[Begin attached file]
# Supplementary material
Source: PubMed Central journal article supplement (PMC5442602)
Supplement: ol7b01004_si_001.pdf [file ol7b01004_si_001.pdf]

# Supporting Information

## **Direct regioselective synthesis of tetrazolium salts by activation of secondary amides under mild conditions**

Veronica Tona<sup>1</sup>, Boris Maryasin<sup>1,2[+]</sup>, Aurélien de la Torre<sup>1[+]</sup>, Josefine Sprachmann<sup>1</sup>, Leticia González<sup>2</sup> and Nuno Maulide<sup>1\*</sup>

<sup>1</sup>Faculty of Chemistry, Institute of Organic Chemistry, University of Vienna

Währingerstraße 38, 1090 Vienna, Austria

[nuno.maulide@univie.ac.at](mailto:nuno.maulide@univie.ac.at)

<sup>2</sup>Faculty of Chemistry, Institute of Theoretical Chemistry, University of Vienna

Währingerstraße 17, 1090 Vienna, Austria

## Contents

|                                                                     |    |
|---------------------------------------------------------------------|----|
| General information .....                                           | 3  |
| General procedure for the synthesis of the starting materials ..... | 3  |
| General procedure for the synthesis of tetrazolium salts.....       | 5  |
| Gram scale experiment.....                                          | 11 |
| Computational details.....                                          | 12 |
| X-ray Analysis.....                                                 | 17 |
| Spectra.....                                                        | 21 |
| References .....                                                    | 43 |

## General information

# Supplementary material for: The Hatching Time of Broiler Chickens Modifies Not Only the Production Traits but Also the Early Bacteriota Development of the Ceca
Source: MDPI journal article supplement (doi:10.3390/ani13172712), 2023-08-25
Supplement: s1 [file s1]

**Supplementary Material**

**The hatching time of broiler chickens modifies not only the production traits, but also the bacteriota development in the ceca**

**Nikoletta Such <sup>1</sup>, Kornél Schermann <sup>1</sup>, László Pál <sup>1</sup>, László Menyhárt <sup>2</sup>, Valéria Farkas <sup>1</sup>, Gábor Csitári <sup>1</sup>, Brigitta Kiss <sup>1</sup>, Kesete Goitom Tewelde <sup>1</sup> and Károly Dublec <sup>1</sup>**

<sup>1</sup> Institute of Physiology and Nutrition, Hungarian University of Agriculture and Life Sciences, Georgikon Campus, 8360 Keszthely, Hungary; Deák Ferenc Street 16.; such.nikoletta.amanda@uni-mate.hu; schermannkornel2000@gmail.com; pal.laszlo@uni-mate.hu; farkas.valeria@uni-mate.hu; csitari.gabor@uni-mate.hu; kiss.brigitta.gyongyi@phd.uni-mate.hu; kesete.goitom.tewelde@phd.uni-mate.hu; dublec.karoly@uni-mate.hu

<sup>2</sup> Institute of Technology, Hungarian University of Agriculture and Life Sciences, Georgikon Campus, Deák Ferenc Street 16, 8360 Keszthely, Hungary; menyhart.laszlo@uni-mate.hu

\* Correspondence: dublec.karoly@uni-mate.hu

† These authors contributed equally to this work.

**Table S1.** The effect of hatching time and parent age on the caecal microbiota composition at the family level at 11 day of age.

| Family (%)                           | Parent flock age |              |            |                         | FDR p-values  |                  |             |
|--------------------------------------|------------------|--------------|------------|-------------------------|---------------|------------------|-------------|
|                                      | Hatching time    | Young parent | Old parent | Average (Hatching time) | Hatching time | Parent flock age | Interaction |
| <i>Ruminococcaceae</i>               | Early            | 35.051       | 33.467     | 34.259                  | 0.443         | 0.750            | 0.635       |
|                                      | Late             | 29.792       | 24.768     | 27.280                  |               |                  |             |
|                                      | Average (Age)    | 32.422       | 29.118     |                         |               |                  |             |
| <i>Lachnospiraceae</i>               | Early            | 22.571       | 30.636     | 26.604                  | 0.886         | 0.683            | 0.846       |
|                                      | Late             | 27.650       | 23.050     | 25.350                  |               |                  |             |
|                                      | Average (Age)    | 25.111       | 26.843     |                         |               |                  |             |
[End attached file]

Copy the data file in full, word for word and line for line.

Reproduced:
# Supplementary material
Source: PubMed Central journal article supplement (PMC5442602)
Supplement: ol7b01004_si_001.pdf [file ol7b01004_si_001.pdf]

# Supporting Information

## **Direct regioselective synthesis of tetrazolium salts by activation of secondary amides under mild conditions**

Veronica Tona<sup>1</sup>, Boris Maryasin<sup>1,2[+]</sup>, Aurélien de la Torre<sup>1[+]</sup>, Josefine Sprachmann<sup>1</sup>, Leticia González<sup>2</sup> and Nuno Maulide<sup>1\*</sup>

<sup>1</sup>Faculty of Chemistry, Institute of Organic Chemistry, University of Vienna

Währingerstraße 38, 1090 Vienna, Austria

[nuno.maulide@univie.ac.at](mailto:nuno.maulide@univie.ac.at)

<sup>2</sup>Faculty of Chemistry, Institute of Theoretical Chemistry, University of Vienna

Währingerstraße 17, 1090 Vienna, Austria

## Contents

|                                                                     |    |
|---------------------------------------------------------------------|----|
| General information .....                                           | 3  |
| General procedure for the synthesis of the starting materials ..... | 3  |
| General procedure for the synthesis of tetrazolium salts.....       | 5  |
| Gram scale experiment.....                                          | 11 |
| Computational details.....                                          | 12 |
| X-ray Analysis.....                                                 | 17 |
| Spectra.....                                                        | 21 |
| References .....                                                    | 43 |

## General information

# Supplementary material for: The Hatching Time of Broiler Chickens Modifies Not Only the Production Traits but Also the Early Bacteriota Development of the Ceca
Source: MDPI journal article supplement (doi:10.3390/ani13172712), 2023-08-25
Supplement: s1 [file s1]

**Supplementary Material**

**The hatching time of broiler chickens modifies not only the production traits, but also the bacteriota development in the ceca**

**Nikoletta Such <sup>1</sup>, Kornél Schermann <sup>1</sup>, László Pál <sup>1</sup>, László Menyhárt <sup>2</sup>, Valéria Farkas <sup>1</sup>, Gábor Csitári <sup>1</sup>, Brigitta Kiss <sup>1</sup>, Kesete Goitom Tewelde <sup>1</sup> and Károly Dublec <sup>1</sup>**

<sup>1</sup> Institute of Physiology and Nutrition, Hungarian University of Agriculture and Life Sciences, Georgikon Campus, 8360 Keszthely, Hungary; Deák Ferenc Street 16.; such.nikoletta.amanda@uni-mate.hu; schermannkornel2000@gmail.com; pal.laszlo@uni-mate.hu; farkas.valeria@uni-mate.hu; csitari.gabor@uni-mate.hu; kiss.brigitta.gyongyi@phd.uni-mate.hu; kesete.goitom.tewelde@phd.uni-mate.hu; dublec.karoly@uni-mate.hu

<sup>2</sup> Institute of Technology, Hungarian University of Agriculture and Life Sciences, Georgikon Campus, Deák Ferenc Street 16, 8360 Keszthely, Hungary; menyhart.laszlo@uni-mate.hu

\* Correspondence: dublec.karoly@uni-mate.hu

† These authors contributed equally to this work.

**Table S1.** The effect of hatching time and parent age on the caecal microbiota composition at the family level at 11 day of age.

| Family (%)                           | Parent flock age |              |            |                         | FDR p-values  |                  |             |
|--------------------------------------|------------------|--------------|------------|-------------------------|---------------|------------------|-------------|
|                                      | Hatching time    | Young parent | Old parent | Average (Hatching time) | Hatching time | Parent flock age | Interaction |
| <i>Ruminococcaceae</i>               | Early            | 35.051       | 33.467     | 34.259                  | 0.443         | 0.750            | 0.635       |
|                                      | Late             | 29.792       | 24.768     | 27.280                  |               |                  |             |
|                                      | Average (Age)    | 32.422       | 29.118     |                         |               |                  |             |
| <i>Lachnospiraceae</i>               | Early            | 22.571       | 30.636     | 26.604                  | 0.886         | 0.683            | 0.846       |
|                                      | Late             | 27.650       | 23.050     | 25.350                  |               |                  |             |
|                                      | Average (Age)    | 25.111       | 26.843     |                         |               |                  |             |